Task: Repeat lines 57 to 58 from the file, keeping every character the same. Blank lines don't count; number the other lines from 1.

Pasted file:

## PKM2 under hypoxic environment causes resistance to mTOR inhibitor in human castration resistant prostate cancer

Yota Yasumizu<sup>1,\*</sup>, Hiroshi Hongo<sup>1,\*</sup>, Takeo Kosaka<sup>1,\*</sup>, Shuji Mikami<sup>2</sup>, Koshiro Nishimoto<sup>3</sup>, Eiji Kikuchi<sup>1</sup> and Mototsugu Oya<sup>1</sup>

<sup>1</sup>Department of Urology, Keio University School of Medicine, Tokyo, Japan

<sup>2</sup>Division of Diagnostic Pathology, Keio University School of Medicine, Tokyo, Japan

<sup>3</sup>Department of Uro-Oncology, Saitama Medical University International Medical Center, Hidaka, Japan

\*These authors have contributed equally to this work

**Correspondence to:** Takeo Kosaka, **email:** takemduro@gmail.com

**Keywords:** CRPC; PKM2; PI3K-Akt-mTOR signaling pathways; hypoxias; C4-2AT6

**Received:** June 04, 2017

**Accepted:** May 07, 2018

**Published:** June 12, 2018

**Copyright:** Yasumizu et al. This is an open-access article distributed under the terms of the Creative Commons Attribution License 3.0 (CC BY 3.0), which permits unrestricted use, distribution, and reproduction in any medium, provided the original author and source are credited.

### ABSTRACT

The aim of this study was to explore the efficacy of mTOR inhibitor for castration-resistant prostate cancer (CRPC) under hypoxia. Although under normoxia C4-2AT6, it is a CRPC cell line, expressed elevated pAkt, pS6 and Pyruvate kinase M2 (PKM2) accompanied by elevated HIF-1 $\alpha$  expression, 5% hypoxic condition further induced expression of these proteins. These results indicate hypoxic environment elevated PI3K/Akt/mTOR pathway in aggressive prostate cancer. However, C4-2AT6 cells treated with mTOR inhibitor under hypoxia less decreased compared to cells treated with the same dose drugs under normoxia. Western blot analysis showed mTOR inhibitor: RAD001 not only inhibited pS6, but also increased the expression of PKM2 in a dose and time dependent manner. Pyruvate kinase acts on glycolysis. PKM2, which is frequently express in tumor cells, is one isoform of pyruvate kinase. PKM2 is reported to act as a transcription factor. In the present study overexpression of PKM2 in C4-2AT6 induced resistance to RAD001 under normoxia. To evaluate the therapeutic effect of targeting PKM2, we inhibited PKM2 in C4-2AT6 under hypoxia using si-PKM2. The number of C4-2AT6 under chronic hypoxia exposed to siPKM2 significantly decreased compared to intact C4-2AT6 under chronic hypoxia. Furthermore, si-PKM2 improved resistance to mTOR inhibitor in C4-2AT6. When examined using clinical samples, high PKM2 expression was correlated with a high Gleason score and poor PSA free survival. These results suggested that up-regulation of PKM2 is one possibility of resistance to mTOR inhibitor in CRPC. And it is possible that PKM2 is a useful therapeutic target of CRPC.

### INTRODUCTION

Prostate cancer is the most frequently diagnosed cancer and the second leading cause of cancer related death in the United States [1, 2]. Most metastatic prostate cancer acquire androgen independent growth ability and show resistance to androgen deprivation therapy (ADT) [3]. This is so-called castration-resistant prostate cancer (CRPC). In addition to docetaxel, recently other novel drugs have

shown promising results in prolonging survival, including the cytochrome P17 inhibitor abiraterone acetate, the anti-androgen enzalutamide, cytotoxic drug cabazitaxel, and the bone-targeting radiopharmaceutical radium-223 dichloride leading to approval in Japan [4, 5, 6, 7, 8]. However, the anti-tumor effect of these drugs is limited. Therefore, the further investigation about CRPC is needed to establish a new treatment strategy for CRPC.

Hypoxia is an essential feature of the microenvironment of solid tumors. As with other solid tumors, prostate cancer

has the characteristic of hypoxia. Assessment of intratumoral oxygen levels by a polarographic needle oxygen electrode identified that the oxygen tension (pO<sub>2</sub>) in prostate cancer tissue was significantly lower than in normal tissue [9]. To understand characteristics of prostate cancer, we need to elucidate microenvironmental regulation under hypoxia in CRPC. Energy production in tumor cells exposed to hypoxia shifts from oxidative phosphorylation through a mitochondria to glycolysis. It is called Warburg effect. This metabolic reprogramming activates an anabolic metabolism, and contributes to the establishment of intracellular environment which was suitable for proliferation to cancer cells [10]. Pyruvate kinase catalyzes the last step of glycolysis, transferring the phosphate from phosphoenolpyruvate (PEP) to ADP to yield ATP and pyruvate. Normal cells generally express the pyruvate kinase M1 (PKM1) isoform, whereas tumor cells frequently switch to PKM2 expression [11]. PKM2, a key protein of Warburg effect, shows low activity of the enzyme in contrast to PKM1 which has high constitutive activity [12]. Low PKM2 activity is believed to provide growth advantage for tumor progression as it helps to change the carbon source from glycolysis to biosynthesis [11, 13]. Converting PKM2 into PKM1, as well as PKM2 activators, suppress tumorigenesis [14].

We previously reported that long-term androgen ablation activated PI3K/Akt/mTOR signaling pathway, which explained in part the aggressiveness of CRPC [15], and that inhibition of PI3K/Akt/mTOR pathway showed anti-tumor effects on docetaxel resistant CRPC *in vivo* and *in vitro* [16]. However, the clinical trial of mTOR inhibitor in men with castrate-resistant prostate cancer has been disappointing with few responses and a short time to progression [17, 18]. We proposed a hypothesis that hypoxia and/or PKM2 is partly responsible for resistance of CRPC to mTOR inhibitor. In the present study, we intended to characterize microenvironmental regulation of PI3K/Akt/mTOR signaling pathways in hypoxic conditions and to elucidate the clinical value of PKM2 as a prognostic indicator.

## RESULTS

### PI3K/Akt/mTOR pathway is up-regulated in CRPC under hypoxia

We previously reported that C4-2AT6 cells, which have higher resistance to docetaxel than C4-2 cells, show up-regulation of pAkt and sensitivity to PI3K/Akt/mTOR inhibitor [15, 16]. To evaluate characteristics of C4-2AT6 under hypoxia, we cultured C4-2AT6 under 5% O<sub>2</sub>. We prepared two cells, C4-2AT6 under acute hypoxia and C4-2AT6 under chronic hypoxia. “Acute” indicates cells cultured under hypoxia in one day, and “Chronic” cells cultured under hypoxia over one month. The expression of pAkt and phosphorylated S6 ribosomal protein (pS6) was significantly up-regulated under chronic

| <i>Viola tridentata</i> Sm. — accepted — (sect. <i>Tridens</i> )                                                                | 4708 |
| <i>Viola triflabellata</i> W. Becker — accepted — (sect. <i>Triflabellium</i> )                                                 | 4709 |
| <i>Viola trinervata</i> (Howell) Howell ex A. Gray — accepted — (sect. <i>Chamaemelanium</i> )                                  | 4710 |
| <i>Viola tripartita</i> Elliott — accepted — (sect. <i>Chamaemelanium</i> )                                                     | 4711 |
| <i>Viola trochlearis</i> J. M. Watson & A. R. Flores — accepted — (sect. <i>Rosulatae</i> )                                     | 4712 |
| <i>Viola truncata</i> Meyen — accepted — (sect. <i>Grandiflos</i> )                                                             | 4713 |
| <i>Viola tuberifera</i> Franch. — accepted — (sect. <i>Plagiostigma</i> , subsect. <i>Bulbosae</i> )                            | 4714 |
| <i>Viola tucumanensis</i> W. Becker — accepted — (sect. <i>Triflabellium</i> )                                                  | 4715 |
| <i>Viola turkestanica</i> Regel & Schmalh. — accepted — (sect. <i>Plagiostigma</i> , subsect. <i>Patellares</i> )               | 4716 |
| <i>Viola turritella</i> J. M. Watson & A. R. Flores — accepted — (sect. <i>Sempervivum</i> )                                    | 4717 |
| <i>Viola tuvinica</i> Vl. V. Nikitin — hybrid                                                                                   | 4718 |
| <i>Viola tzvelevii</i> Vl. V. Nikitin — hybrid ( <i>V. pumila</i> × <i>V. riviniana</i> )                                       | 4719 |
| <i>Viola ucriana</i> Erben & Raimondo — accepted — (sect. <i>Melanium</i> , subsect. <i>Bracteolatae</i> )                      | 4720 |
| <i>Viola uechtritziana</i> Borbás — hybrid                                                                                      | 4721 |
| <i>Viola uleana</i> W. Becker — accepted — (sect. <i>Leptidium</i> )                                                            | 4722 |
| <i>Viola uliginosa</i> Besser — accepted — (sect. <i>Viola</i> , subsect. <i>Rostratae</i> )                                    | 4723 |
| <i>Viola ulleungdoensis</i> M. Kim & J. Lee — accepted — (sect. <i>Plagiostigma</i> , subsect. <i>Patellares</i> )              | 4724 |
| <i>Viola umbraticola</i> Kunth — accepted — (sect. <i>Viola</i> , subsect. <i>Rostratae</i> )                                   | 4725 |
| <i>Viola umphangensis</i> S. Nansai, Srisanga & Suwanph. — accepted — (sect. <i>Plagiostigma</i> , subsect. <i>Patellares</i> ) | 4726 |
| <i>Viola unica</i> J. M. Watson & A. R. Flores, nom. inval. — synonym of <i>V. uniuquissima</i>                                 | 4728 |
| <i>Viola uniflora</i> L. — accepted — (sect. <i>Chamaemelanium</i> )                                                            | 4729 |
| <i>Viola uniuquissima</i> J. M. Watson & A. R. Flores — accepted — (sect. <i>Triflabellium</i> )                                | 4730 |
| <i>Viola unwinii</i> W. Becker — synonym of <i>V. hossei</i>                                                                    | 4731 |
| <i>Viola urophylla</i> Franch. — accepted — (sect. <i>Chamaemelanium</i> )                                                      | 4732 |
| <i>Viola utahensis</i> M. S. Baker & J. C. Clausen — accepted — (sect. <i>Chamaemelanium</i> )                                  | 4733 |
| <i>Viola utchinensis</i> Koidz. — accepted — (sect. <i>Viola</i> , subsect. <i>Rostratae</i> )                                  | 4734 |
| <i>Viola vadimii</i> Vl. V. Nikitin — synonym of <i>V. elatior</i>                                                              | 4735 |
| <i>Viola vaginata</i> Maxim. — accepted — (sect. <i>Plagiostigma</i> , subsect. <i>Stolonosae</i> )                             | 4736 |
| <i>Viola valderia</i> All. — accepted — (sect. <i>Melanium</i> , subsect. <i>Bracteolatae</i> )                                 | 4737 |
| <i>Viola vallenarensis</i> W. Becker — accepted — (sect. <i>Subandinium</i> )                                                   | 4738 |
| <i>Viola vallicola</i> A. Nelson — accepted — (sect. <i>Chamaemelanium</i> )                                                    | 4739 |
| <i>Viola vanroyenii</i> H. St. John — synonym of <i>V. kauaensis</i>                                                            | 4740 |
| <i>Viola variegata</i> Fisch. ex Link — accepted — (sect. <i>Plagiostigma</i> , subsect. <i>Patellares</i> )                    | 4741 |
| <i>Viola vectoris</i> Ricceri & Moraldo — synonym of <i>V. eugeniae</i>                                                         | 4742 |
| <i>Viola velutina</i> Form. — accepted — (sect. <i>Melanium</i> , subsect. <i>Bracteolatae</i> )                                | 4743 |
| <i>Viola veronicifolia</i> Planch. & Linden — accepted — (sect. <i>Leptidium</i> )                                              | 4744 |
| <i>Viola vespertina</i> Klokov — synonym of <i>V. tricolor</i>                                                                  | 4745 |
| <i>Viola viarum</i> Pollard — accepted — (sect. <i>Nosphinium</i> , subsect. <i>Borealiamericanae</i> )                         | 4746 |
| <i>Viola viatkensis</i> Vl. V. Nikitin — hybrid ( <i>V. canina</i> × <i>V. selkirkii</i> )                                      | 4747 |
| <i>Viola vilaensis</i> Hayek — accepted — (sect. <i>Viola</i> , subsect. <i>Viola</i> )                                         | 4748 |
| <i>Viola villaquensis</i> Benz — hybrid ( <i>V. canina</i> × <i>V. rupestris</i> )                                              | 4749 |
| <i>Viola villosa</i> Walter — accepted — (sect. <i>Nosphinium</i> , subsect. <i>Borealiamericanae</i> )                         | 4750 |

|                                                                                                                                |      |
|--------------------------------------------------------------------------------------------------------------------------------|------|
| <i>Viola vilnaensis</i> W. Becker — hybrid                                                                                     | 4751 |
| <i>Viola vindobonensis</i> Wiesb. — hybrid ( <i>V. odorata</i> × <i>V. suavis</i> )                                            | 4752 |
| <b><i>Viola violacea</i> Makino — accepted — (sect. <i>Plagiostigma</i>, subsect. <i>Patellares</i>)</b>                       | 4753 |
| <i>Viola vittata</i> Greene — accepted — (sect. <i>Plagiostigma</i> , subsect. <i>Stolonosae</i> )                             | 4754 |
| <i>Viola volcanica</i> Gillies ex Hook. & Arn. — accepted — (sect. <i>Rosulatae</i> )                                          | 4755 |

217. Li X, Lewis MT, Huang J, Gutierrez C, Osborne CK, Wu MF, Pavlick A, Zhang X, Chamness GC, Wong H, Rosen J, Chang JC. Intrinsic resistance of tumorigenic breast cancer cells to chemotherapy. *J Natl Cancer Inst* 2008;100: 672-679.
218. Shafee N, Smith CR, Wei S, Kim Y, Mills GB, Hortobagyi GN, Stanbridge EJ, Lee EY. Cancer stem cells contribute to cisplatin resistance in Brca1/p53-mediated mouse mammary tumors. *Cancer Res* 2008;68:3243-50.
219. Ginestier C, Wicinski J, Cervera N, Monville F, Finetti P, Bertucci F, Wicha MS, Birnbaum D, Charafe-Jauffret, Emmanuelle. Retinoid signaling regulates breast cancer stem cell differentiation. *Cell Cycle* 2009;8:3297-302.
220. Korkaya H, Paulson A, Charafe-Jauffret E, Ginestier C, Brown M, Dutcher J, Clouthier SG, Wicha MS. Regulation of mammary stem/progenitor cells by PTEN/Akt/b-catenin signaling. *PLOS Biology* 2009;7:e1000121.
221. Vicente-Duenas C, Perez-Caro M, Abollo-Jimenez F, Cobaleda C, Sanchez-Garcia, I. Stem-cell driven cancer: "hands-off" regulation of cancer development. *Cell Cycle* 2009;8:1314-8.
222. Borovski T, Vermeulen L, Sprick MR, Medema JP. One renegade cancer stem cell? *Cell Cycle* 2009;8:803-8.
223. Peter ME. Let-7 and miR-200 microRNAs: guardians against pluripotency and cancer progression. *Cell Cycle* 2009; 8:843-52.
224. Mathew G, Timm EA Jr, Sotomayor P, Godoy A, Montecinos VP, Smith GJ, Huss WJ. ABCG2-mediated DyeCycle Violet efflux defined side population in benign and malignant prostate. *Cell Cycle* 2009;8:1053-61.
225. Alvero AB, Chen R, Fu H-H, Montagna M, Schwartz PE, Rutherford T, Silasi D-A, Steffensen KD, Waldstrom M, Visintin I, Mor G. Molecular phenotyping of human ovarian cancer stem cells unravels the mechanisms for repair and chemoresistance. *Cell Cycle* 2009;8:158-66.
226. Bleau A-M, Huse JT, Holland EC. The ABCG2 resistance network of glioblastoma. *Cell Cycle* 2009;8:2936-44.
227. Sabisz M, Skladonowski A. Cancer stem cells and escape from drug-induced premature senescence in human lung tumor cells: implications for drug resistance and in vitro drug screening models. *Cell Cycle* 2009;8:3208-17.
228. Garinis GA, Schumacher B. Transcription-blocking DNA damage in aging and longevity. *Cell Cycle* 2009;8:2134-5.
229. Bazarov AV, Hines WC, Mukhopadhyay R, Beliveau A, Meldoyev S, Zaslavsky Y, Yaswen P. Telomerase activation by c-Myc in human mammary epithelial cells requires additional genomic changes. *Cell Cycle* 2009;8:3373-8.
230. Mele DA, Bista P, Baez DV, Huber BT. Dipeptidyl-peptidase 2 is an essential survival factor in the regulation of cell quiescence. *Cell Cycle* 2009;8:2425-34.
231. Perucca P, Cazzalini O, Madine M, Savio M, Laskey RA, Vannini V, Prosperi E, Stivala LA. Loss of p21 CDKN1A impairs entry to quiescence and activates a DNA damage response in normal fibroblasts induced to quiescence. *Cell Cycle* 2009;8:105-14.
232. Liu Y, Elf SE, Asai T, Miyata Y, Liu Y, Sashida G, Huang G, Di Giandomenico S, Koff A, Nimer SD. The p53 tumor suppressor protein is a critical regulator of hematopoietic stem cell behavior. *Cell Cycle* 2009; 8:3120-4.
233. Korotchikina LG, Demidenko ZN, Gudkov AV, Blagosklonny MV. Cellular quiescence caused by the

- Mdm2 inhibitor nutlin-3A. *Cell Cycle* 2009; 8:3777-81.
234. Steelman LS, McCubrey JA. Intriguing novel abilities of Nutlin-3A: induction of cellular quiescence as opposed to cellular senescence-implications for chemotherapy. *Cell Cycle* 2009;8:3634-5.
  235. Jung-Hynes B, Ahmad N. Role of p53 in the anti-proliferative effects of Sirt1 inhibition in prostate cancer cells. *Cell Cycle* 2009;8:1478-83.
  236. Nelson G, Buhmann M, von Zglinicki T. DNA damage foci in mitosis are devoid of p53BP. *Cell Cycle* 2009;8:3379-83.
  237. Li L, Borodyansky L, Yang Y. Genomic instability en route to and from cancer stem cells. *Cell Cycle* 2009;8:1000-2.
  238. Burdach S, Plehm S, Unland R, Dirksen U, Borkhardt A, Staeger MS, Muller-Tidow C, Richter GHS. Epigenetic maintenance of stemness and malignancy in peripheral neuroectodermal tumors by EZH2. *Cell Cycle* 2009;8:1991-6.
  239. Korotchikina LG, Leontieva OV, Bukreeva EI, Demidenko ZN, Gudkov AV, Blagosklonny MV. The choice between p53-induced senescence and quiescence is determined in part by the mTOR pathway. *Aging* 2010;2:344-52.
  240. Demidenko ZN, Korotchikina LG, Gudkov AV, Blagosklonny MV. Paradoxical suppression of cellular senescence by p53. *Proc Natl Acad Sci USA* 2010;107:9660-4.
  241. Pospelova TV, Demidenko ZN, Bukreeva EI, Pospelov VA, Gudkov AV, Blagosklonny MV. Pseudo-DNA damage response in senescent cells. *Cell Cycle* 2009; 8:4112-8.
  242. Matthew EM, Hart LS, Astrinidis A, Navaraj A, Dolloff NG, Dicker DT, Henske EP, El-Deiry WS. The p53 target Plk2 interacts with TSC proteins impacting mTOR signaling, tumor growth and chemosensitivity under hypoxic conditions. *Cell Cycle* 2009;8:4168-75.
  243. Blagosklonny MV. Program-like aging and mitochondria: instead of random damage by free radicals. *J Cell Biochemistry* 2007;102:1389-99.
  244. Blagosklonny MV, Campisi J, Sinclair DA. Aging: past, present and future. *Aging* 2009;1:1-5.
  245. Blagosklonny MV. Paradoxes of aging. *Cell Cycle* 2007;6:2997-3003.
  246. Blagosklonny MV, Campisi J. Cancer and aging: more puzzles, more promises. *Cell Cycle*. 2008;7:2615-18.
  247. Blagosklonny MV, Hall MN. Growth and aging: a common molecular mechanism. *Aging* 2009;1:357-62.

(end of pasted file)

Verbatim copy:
| <i>Viola vectoris</i> Ricceri & Moraldo — synonym of <i>V. eugeniae</i>                                                         | 4742 |
| <i>Viola velutina</i> Form. — accepted — (sect. <i>Melanium</i> , subsect. <i>Bracteolatae</i> )                                | 4743 |